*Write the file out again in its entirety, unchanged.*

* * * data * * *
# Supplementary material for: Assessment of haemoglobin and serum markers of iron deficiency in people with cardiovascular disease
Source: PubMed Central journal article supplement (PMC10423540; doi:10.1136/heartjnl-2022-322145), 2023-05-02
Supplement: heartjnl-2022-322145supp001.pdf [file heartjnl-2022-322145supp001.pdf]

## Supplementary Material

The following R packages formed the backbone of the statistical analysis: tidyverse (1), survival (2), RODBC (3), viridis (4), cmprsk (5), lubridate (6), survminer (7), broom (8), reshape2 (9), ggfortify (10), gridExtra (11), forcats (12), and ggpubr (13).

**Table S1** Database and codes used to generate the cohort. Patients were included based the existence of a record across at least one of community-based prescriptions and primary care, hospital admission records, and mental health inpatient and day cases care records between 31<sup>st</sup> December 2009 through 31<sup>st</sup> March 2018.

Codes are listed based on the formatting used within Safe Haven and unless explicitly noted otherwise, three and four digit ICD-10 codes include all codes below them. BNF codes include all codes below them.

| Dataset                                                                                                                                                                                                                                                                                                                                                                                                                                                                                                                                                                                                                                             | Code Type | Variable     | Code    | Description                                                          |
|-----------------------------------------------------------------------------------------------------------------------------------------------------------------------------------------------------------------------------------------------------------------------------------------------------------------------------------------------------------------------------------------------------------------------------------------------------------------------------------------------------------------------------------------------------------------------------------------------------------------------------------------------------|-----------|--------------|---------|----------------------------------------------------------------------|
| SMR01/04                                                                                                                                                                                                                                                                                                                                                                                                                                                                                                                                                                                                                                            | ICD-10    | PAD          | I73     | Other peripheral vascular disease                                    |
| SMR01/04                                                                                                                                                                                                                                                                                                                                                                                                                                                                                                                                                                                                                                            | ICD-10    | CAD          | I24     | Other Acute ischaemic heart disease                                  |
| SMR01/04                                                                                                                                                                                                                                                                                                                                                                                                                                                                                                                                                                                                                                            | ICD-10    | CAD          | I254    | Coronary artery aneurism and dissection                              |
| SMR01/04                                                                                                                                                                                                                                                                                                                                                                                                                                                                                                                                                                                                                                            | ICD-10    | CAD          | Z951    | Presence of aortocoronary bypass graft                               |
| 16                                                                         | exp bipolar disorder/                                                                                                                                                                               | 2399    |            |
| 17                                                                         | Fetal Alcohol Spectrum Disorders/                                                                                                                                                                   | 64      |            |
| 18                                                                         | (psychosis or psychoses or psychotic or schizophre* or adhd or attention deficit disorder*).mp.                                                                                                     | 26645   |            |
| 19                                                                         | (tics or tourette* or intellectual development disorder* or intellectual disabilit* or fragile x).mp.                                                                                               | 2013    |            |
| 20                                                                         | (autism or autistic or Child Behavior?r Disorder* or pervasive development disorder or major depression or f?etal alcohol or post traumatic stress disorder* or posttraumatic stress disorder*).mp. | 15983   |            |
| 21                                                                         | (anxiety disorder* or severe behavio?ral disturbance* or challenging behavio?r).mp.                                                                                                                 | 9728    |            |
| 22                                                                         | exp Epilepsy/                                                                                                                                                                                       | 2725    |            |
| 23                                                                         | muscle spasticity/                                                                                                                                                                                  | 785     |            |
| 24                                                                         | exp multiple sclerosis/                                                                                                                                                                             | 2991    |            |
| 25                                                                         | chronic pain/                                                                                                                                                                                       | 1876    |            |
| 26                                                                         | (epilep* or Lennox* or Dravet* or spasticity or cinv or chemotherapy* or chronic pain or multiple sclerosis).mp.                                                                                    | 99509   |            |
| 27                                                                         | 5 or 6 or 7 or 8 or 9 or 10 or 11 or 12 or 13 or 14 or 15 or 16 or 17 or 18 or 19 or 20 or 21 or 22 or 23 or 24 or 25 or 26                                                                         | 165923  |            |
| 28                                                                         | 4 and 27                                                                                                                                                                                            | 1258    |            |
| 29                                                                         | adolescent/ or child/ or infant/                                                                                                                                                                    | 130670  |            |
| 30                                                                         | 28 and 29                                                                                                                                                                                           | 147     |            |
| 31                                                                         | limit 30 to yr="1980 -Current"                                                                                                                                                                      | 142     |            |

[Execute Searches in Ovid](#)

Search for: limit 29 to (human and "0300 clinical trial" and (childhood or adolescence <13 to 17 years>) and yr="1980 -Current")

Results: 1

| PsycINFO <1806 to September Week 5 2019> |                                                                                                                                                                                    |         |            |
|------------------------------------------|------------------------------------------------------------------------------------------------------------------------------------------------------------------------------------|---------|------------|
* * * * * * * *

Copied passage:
# Supplementary material for: Assessment of haemoglobin and serum markers of iron deficiency in people with cardiovascular disease
Source: PubMed Central journal article supplement (PMC10423540; doi:10.1136/heartjnl-2022-322145), 2023-05-02
Supplement: heartjnl-2022-322145supp001.pdf [file heartjnl-2022-322145supp001.pdf]

## Supplementary Material

The following R packages formed the backbone of the statistical analysis: tidyverse (1), survival (2), RODBC (3), viridis (4), cmprsk (5), lubridate (6), survminer (7), broom (8), reshape2 (9), ggfortify (10), gridExtra (11), forcats (12), and ggpubr (13).

**Table S1** Database and codes used to generate the cohort. Patients were included based the existence of a record across at least one of community-based prescriptions and primary care, hospital admission records, and mental health inpatient and day cases care records between 31<sup>st</sup> December 2009 through 31<sup>st</sup> March 2018.

Codes are listed based on the formatting used within Safe Haven and unless explicitly noted otherwise, three and four digit ICD-10 codes include all codes below them. BNF codes include all codes below them.

| Dataset                                                                                                                                                                                                                                                                                                                                                                                                                                                                                                                                                                                                                                             | Code Type | Variable     | Code    | Description                                                          |
|-----------------------------------------------------------------------------------------------------------------------------------------------------------------------------------------------------------------------------------------------------------------------------------------------------------------------------------------------------------------------------------------------------------------------------------------------------------------------------------------------------------------------------------------------------------------------------------------------------------------------------------------------------|-----------|--------------|---------|----------------------------------------------------------------------|
| SMR01/04                                                                                                                                                                                                                                                                                                                                                                                                                                                                                                                                                                                                                                            | ICD-10    | PAD          | I73     | Other peripheral vascular disease                                    |
| SMR01/04                                                                                                                                                                                                                                                                                                                                                                                                                                                                                                                                                                                                                                            | ICD-10    | CAD          | I24     | Other Acute ischaemic heart disease                                  |
| SMR01/04                                                                                                                                                                                                                                                                                                                                                                                                                                                                                                                                                                                                                                            | ICD-10    | CAD          | I254    | Coronary artery aneurism and dissection                              |
| SMR01/04                                                                                                                                                                                                                                                                                                                                                                                                                                                                                                                                                                                                                                            | ICD-10    | CAD          | Z951    | Presence of aortocoronary bypass graft                               |
| 16                                                                         | exp bipolar disorder/                                                                                                                                                                               | 2399    |            |
| 17                                                                         | Fetal Alcohol Spectrum Disorders/                                                                                                                                                                   | 64      |            |
| 18                                                                         | (psychosis or psychoses or psychotic or schizophre* or adhd or attention deficit disorder*).mp.                                                                                                     | 26645   |            |
| 19                                                                         | (tics or tourette* or intellectual development disorder* or intellectual disabilit* or fragile x).mp.                                                                                               | 2013    |            |
| 20                                                                         | (autism or autistic or Child Behavior?r Disorder* or pervasive development disorder or major depression or f?etal alcohol or post traumatic stress disorder* or posttraumatic stress disorder*).mp. | 15983   |            |
| 21                                                                         | (anxiety disorder* or severe behavio?ral disturbance* or challenging behavio?r).mp.                                                                                                                 | 9728    |            |
| 22                                                                         | exp Epilepsy/                                                                                                                                                                                       | 2725    |            |
| 23                                                                         | muscle spasticity/                                                                                                                                                                                  | 785     |            |
| 24                                                                         | exp multiple sclerosis/                                                                                                                                                                             | 2991    |            |
| 25                                                                         | chronic pain/                                                                                                                                                                                       | 1876    |            |
| 26                                                                         | (epilep* or Lennox* or Dravet* or spasticity or cinv or chemotherapy* or chronic pain or multiple sclerosis).mp.                                                                                    | 99509   |            |
| 27                                                                         | 5 or 6 or 7 or 8 or 9 or 10 or 11 or 12 or 13 or 14 or 15 or 16 or 17 or 18 or 19 or 20 or 21 or 22 or 23 or 24 or 25 or 26                                                                         | 165923  |            |
| 28                                                                         | 4 and 27                                                                                                                                                                                            | 1258    |            |
| 29                                                                         | adolescent/ or child/ or infant/                                                                                                                                                                    | 130670  |            |
| 30                                                                         | 28 and 29                                                                                                                                                                                           | 147     |            |
| 31                                                                         | limit 30 to yr="1980 -Current"                                                                                                                                                                      | 142     |            |

[Execute Searches in Ovid](#)

Search for: limit 29 to (human and "0300 clinical trial" and (childhood or adolescence <13 to 17 years>) and yr="1980 -Current")

Results: 1

| PsycINFO <1806 to September Week 5 2019> |                                                                                                                                                                                    |         |            |
|------------------------------------------|------------------------------------------------------------------------------------------------------------------------------------------------------------------------------------|---------|------------|